No matter what you’re into, there’s probably a podcast out there covering it. Politics, comedy, tech, it’s all out there, only a click away. Bearded Fruit is one of the shows you need to listen to, with a focus on “politics and culture through an intersectional queer lens.” Hosts Cody and Neil Daigle-Orians host conversations on topics ranging from racism, to polyamory from a queer female perspective, to surviving in a post-Trump world.
We chatted with Cody about starting the podcast, what “social justice” really means, and how our scary new President inadvertently saved the show from ending.
Why start a podcast? Where did the idea for Bearded Fruit come from?
Bearded Fruit looks at politics and culture through an intersectional queer lens. I think we’re at a really interesting moment as a community. We’re thinking about how queerness intersects with other identities — race, sex, ability, religion — and we’re redefining (or evolving the definition) of queerness. Our show is exploring that.
It started because I stopped writing plays and needed something creative to do with my time. I love podcasts, so I thought, “Why not start one of my own? It’ll be fun!” And I brought Neil into it, so it could be a fun thing for us to work on together. But it’s turned into something bigger. We have awesome regular listeners, who connect with us and continue conversations from the podcast with us. And we’re getting to showcase some really important voices.
How did you and Neil meet?
True story: we met on Growlr. I was at a theatre conference in Omaha, which is where Neil lived. We started talking on the app, and we hit it off. So we spent a day hanging out. And we’ve been together ever since.
To us, “social justice” just means “caring about everyone and valuing every experience.”
How do you choose the topics you’re going to cover on Bearded Fruit?
Mostly, we try to stay responsive to the things going on in the world. So the news shapes our podcast very strongly. We also look for cultural trends — like racism on the apps or “masc4masc” culture — and we try to respond to them. And we tackle things going on in our life. For example, we did an episode about kink recently, because I had my first paddling/flogging experience at a leather shop in New York. It became an episode. We always want it to be something people are talking about or thinking about.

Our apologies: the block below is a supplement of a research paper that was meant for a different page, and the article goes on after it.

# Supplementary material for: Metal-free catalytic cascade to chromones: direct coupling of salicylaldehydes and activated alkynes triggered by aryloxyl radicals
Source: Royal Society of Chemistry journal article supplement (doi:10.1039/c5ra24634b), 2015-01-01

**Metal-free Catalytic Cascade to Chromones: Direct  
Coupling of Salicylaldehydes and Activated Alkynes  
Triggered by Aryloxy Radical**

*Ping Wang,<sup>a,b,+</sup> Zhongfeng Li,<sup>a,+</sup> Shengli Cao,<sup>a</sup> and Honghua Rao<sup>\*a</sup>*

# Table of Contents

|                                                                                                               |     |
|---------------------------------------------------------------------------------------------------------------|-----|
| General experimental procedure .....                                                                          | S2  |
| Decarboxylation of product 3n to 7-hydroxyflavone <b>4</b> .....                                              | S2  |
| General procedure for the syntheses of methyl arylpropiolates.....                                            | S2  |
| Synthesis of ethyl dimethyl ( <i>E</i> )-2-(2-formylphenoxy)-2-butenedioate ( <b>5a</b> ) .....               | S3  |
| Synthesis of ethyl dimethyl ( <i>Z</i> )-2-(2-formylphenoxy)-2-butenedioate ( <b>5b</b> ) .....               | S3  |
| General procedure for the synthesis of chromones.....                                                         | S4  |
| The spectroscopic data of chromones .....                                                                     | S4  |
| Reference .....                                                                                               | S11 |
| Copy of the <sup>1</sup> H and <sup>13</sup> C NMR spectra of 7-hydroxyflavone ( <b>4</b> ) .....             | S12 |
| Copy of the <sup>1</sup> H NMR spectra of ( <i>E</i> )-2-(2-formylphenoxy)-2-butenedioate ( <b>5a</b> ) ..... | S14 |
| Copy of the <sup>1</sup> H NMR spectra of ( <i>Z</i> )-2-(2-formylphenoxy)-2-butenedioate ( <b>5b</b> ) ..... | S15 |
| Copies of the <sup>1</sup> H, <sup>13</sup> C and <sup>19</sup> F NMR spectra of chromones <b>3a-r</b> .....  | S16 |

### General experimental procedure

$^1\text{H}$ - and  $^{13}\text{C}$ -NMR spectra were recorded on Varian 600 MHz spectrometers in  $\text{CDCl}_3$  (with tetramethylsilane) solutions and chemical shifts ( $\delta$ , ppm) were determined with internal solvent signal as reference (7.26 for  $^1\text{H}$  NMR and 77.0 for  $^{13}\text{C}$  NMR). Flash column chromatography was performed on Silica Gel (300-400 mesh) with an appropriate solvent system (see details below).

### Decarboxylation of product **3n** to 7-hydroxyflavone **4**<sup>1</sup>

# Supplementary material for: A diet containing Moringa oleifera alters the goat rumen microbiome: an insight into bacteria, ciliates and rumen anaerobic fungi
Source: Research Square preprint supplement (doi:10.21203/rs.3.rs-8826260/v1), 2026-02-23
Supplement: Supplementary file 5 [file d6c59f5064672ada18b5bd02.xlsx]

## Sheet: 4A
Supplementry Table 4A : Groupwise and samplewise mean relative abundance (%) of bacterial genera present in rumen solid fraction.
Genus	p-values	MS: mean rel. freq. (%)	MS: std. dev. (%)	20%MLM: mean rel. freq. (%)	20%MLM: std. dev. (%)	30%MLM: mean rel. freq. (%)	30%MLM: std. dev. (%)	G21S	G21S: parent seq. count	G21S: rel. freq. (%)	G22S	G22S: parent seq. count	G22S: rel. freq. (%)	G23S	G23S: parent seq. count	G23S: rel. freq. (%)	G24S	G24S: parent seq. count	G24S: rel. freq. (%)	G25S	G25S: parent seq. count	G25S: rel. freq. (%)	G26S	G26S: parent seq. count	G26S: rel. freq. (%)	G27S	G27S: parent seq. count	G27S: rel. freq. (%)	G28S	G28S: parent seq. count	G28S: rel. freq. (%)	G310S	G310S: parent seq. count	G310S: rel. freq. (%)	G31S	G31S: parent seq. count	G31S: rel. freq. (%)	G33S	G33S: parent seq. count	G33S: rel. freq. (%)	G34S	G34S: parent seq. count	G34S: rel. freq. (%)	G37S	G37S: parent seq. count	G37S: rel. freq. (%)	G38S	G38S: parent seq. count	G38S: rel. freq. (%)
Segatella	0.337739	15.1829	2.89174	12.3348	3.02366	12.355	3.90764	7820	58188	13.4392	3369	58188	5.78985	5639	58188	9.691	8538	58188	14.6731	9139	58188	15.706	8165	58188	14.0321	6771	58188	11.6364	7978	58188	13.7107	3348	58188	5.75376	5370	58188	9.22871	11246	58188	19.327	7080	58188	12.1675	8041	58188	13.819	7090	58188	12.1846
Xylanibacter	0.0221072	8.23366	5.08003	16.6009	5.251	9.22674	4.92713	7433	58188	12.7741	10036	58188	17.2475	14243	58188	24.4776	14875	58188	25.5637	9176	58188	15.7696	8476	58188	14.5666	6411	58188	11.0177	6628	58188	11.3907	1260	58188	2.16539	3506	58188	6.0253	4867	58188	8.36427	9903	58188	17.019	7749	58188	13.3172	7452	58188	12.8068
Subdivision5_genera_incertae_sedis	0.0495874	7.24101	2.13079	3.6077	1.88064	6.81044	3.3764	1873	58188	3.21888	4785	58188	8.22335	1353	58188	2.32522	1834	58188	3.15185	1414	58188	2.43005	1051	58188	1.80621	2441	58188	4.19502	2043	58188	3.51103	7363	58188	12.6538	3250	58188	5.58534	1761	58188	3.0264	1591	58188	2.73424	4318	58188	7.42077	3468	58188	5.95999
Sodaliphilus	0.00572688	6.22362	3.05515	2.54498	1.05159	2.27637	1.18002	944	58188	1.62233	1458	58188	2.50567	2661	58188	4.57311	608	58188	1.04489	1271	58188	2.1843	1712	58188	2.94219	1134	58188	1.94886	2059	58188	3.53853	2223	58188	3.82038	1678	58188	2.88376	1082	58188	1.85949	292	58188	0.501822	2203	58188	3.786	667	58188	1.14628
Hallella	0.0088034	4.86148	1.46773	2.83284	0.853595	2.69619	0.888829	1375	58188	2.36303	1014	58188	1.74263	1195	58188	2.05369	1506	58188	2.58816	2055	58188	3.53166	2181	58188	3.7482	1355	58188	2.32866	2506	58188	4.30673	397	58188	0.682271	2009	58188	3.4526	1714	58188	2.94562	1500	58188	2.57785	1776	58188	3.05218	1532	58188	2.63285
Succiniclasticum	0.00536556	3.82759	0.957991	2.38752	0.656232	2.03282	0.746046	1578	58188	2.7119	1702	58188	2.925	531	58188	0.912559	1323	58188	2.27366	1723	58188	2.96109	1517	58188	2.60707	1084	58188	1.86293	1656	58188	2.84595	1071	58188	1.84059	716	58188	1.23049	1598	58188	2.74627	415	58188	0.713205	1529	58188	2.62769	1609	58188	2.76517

We also think it’s important that the conversations have a social justice angle. “Social justice” is a term that’s thrown around a lot, and it can sometimes make people cringe, but we think it’s really important to talk about. To us, “social justice” just means “caring about everyone and valuing every experience.” That’s always an important part of every conversation we have on the show.
What’s the process of putting together an episode like?
We’re a pretty DIY podcast. We record the show in my home office. We’ve got mics and I record the show on my Mac. I edit the file, create any extras we need for the episode, then we upload it and it goes out into the world. For our long-distance guests, we use a conferencing service to record their interviews. We typically record the episodes straight through, and I do a little post-editing when necessary. But more story-driven episodes (like an episode we did about Cleveland hip hop artist Jesse Paradice) take a few days to edit together. I like the speed at which we can make episodes, because we can always be responsive to what’s going on in the world.
I’d decided we were going to stop making the show. We’re both busy in our day jobs, and the podcast takes time. But then Trump got elected. And I remember Neil and I sitting in bed, processing that. He turned to me and said, ‘You know, we can’t stop making Bearded Fruit now.”
Have current events, such as the election of a divisive new President, informed the direction of Bearded Fruit?
It had a huge impact. Before the election, I’d decided we were going to stop making the show. We’re both busy in our day jobs, and the podcast takes time. But then Trump got elected. And I remember Neil and I sitting in bed, processing that. He turned to me and said, ‘You know, we can’t stop making Bearded Fruit now.”
We see Bearded Fruit as more than a podcast now. It’s a community of like-minded people looking for ways to make change happen. We’re doing live events now. We have a monthly book club with a live web chat. And we’re starting to build little Bearded Fruit chapters everywhere — groups that will engage in activism in their own communities.
What do you hope listeners take away from Bearded Fruit?
We hope listeners come away from the podcast energized to have these conversations in their own lives. We hope they’re energized to act, even in their own individual spheres. And we hope they come away with a sense of how diverse and beautiful our queer community is. Because our community is incredible. We’re brave. We’re joyful. We’re everything.
What do you see as the big picture, long term goal for Bearded Fruit?
We definitely would love to see the Bearded Fruit community grow. Not just listeners, but engaged members of our community. We would love to see the show grow to include more live events, workshops and classes. We’d love to see Bearded Fruit become a gathering place for queer people to have important conversations and make the world a queerer, more just place.